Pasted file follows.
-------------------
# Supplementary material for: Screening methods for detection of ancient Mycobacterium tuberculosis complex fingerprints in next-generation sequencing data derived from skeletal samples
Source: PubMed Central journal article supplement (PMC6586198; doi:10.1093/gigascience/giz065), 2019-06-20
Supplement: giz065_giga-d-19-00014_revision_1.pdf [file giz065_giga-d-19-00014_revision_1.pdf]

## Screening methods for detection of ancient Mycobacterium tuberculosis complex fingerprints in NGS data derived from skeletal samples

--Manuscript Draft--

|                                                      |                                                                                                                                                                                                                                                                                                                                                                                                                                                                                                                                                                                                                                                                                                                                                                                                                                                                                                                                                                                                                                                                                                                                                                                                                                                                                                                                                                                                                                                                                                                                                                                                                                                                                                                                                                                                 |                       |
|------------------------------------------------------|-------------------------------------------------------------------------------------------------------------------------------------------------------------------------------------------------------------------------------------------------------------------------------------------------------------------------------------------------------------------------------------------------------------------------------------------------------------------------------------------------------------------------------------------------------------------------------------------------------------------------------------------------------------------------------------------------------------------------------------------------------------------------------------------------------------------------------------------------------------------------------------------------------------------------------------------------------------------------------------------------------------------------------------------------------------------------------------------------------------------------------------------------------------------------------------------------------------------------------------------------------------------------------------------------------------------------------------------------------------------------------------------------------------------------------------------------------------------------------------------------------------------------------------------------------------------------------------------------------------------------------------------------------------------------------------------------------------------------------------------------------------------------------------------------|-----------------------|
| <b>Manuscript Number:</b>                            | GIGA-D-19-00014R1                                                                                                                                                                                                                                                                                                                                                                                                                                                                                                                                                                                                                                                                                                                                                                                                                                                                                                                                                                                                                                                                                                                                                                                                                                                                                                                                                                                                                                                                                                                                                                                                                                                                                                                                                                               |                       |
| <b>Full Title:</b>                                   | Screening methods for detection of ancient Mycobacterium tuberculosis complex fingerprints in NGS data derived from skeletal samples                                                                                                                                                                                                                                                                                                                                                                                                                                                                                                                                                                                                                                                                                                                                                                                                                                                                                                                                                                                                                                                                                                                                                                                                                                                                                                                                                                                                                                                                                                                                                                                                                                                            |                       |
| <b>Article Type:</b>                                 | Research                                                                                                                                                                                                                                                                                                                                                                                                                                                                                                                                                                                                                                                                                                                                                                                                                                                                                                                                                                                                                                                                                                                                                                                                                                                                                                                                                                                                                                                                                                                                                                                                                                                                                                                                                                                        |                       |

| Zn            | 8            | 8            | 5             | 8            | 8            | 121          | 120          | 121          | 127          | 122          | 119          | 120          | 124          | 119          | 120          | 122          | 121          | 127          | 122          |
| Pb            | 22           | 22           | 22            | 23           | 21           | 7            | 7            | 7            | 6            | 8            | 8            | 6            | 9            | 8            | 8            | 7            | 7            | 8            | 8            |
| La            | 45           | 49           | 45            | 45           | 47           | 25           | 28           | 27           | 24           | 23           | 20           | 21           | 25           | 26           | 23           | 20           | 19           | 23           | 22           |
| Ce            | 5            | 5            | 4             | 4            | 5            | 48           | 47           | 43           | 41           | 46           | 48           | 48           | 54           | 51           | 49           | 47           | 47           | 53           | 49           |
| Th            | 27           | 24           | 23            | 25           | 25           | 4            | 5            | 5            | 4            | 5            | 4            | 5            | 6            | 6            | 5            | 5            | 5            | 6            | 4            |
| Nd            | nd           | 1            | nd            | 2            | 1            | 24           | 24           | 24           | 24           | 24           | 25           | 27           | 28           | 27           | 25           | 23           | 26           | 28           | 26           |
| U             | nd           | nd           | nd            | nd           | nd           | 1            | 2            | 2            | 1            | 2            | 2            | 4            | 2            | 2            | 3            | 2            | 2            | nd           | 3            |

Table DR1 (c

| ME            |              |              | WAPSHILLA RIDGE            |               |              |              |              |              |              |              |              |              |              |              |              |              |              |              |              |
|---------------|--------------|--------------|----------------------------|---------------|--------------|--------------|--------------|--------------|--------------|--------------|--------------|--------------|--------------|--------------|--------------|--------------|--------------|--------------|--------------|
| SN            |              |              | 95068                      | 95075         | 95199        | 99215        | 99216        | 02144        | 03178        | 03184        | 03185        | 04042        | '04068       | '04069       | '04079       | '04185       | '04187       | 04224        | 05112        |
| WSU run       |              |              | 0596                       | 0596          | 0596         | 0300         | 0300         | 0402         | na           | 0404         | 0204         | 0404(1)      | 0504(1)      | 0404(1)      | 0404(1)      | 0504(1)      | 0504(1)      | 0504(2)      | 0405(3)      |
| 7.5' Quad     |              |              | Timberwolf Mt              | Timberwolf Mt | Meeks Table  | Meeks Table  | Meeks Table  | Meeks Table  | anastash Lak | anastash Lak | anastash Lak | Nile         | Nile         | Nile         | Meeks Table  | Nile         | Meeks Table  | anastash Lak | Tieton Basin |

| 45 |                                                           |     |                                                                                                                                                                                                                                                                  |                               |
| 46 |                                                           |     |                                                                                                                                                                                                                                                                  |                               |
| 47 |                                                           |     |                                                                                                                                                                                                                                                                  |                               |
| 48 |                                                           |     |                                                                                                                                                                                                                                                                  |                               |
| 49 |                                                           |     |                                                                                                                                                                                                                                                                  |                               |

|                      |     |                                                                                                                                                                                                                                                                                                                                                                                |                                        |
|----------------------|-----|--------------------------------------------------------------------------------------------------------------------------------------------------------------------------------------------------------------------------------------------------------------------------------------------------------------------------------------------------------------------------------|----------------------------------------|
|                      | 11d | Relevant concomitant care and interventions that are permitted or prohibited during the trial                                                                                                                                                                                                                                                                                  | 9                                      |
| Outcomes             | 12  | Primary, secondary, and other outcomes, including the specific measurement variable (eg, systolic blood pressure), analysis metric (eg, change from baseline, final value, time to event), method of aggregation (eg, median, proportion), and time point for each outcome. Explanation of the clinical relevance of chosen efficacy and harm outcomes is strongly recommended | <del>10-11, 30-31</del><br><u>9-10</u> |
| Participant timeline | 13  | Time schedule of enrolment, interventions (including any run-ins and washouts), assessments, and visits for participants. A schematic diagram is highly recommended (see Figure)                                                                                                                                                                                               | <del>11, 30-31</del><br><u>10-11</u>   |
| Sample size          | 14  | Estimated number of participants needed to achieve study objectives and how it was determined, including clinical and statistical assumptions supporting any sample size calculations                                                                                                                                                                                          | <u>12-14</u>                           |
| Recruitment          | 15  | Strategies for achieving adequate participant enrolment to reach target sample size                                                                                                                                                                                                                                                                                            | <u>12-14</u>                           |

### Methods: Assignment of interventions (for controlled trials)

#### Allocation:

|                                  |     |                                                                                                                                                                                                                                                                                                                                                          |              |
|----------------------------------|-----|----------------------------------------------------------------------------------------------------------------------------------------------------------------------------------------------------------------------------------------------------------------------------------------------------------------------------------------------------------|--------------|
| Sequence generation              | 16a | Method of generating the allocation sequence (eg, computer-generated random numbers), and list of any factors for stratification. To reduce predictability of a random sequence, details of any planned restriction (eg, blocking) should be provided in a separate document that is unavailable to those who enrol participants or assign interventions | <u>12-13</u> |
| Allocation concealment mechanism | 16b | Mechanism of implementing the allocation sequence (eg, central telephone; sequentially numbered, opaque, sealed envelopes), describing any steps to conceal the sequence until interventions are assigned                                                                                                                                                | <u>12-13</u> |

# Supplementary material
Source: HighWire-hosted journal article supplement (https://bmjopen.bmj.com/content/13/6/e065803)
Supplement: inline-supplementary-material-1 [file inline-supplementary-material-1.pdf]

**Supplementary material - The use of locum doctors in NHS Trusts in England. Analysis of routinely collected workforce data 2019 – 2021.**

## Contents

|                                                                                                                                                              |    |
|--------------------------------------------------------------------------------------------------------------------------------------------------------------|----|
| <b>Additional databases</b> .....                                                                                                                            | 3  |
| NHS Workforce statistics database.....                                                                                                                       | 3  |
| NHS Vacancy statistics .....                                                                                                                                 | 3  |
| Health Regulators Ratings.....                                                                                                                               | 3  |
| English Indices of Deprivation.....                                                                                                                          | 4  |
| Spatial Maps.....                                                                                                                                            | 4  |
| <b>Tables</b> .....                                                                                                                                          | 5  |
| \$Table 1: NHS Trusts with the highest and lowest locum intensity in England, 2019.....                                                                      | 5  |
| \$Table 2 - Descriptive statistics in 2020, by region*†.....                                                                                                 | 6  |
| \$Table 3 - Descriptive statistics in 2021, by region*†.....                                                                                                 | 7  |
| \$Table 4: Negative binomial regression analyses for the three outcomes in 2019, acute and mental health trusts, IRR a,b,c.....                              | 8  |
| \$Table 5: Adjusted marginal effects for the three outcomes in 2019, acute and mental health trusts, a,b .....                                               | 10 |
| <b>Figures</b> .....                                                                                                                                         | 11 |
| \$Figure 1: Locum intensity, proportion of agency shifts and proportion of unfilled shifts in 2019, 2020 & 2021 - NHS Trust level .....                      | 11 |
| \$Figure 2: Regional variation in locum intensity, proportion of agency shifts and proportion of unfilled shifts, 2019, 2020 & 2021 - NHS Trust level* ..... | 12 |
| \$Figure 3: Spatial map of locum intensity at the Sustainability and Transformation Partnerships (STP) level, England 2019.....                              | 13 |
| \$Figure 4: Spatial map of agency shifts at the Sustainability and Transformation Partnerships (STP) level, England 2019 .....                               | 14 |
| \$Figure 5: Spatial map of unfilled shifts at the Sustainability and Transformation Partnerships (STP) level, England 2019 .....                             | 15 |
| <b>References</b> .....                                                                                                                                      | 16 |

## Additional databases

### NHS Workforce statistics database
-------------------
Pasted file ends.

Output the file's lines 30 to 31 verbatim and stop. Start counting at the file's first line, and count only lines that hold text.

|----------------------|-----|--------------------------------------------------------------------------------------------------------------------------------------------------------------------------------------------------------------------------------------------------------------------------------------------------------------------------------------------------------------------------------|----------------------------------------|
|                      | 11d | Relevant concomitant care and interventions that are permitted or prohibited during the trial                                                                                                                                                                                                                                                                                  | 9                                      |